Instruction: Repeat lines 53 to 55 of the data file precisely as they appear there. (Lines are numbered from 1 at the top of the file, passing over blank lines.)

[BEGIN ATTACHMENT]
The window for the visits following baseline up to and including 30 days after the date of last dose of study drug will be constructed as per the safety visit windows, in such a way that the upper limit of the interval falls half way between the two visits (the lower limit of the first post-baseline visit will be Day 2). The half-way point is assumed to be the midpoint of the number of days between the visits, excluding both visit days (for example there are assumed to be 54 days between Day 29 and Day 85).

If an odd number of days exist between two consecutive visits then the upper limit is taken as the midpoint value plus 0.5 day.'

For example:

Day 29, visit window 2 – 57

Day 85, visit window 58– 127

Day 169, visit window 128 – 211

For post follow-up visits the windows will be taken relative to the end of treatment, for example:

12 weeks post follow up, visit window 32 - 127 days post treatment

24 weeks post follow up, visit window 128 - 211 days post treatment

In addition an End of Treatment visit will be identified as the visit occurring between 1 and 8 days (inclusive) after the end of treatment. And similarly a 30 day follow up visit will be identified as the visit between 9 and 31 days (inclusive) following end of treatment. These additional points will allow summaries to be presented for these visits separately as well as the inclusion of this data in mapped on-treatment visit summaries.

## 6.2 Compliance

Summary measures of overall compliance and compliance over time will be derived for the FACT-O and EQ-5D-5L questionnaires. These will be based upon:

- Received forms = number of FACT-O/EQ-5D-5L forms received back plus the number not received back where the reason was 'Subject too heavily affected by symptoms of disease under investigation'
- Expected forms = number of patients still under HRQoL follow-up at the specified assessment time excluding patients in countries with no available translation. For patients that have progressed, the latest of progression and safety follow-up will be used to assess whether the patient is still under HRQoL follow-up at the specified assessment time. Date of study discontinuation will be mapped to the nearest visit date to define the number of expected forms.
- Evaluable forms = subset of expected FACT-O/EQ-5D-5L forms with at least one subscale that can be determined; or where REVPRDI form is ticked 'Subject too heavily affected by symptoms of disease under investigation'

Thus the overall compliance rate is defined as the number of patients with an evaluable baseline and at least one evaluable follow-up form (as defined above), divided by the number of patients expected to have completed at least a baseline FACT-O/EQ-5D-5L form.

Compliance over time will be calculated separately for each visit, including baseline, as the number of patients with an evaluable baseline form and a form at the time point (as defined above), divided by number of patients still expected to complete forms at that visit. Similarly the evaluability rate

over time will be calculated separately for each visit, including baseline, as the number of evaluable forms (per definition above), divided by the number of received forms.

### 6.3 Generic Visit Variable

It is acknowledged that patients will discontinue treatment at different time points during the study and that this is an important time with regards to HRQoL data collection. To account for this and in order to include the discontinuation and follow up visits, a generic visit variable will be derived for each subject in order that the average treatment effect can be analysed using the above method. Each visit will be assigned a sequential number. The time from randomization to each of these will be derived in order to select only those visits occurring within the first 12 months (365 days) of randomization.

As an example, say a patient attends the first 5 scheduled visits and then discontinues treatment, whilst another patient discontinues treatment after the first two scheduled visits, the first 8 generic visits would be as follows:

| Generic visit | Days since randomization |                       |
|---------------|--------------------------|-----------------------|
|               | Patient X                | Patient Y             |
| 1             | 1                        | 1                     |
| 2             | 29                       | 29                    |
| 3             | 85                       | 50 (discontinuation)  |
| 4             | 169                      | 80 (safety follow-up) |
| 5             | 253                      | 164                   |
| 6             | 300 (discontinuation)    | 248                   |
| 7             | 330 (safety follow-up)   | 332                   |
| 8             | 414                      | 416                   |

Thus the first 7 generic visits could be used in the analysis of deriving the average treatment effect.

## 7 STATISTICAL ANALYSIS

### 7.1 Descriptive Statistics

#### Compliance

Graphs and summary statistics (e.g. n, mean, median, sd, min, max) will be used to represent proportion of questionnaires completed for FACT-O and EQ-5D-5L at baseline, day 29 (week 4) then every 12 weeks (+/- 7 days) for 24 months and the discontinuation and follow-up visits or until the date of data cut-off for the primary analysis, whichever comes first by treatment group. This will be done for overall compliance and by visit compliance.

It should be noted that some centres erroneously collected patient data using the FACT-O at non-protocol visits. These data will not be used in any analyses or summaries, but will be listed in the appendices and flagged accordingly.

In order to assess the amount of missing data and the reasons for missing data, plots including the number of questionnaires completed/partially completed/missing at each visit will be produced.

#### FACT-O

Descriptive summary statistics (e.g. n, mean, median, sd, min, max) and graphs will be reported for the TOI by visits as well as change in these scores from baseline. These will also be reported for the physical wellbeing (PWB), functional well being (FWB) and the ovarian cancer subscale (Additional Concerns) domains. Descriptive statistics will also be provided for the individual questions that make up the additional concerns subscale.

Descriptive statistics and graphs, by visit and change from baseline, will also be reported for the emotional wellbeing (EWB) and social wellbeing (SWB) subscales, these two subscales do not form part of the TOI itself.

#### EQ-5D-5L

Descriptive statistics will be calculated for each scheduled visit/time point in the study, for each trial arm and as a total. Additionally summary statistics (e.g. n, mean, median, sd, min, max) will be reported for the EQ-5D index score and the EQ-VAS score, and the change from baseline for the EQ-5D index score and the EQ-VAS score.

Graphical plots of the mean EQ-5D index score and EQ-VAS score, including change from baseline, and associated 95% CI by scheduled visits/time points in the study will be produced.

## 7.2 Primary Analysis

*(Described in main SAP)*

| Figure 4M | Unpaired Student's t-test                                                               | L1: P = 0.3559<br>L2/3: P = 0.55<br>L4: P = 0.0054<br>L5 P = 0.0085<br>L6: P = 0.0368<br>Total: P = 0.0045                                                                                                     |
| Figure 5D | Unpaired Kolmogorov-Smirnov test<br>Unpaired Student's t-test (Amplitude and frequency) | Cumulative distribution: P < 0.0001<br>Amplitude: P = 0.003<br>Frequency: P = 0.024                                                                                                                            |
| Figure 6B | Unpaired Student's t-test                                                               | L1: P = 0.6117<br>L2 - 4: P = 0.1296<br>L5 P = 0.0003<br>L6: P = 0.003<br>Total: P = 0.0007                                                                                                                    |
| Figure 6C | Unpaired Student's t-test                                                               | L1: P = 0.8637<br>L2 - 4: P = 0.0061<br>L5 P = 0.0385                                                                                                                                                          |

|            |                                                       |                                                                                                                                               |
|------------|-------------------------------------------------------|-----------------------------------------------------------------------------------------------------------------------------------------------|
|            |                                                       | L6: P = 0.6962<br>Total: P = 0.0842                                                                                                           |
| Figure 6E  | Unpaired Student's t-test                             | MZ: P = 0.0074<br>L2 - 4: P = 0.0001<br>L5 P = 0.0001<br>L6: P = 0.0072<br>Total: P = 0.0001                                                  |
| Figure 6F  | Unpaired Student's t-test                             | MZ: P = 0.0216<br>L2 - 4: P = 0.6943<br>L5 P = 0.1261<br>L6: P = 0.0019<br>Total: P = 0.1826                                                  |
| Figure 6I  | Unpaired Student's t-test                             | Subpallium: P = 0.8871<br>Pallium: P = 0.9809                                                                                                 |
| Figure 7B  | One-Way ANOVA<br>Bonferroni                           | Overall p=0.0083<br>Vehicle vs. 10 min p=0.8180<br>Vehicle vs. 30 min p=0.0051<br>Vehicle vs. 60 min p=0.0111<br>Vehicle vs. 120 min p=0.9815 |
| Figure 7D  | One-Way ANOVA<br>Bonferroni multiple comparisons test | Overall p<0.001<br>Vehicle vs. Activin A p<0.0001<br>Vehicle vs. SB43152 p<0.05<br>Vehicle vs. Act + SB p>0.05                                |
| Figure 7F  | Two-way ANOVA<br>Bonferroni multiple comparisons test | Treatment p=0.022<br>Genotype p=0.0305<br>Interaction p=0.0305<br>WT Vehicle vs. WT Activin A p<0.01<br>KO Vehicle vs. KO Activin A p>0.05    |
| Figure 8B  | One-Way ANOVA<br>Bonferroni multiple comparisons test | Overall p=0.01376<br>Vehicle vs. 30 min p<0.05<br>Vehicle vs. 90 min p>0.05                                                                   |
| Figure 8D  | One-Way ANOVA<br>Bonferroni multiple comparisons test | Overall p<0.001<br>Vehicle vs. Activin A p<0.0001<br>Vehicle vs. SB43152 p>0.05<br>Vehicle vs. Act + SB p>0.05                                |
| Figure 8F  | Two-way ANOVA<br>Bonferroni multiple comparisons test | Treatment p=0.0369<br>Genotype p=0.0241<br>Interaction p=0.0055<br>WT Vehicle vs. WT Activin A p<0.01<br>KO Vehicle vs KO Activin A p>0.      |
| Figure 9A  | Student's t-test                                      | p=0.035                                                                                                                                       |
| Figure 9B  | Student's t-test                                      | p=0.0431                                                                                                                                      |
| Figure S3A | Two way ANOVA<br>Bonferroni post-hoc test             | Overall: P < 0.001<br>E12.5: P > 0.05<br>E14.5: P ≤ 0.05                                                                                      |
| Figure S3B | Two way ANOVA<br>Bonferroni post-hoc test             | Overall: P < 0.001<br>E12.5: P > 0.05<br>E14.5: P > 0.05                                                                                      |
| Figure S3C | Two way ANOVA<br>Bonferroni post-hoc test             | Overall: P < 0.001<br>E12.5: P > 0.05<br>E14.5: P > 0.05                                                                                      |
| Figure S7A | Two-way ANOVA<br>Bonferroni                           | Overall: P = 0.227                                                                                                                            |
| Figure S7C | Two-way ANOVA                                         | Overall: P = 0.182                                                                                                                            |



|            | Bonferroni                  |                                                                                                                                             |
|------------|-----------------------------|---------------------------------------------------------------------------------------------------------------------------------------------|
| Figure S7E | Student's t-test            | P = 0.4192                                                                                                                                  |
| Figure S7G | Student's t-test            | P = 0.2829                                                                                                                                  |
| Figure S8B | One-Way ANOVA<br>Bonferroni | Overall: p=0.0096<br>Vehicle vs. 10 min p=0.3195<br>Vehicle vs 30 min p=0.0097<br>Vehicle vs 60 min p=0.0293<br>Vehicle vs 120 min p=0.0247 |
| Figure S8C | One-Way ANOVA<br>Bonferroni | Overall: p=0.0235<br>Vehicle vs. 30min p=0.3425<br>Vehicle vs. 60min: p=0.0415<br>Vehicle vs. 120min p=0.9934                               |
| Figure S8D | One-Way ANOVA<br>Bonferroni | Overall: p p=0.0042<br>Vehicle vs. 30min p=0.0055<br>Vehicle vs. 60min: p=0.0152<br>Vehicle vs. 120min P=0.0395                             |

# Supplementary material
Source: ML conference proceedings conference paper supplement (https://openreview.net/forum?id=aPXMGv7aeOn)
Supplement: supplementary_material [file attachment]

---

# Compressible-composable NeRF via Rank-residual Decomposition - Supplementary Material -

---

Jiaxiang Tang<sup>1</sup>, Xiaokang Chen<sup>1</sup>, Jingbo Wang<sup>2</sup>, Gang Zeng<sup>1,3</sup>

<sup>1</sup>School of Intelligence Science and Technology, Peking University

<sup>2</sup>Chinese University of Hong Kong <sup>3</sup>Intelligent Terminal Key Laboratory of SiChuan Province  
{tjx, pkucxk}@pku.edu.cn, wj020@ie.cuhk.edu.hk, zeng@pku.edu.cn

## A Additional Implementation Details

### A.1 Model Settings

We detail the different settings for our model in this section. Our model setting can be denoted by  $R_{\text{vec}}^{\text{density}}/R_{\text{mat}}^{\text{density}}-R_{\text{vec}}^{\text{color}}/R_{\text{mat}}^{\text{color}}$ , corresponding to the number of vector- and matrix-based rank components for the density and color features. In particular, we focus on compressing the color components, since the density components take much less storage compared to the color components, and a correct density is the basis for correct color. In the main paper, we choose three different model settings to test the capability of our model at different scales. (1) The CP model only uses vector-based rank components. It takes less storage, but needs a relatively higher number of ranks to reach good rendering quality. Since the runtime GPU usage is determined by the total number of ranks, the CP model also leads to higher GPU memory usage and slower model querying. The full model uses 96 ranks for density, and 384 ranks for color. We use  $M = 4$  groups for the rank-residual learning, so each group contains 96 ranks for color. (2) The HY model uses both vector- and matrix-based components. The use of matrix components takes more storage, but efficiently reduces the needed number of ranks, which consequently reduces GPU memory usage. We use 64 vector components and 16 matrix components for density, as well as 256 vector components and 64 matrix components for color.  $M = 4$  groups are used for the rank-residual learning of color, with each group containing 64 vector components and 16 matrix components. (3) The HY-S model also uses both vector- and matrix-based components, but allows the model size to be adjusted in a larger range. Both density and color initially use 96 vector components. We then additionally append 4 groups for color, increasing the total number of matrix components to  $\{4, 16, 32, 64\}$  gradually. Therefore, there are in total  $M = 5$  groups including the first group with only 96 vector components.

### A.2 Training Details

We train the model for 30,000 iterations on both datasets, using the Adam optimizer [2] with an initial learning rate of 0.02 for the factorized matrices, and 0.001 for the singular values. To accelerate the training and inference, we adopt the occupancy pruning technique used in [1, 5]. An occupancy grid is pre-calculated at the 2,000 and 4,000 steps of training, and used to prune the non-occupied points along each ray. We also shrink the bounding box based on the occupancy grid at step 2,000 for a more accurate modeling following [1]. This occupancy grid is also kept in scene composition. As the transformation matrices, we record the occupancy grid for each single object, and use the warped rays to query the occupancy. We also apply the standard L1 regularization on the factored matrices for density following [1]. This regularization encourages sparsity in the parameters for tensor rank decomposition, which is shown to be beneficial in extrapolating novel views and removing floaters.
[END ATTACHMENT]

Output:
|------------|-------------------------------------------------------|-----------------------------------------------------------------------------------------------------------------------------------------------|
|            |                                                       | L6: P = 0.6962<br>Total: P = 0.0842                                                                                                           |
| Figure 6E  | Unpaired Student's t-test                             | MZ: P = 0.0074<br>L2 - 4: P = 0.0001<br>L5 P = 0.0001<br>L6: P = 0.0072<br>Total: P = 0.0001                                                  |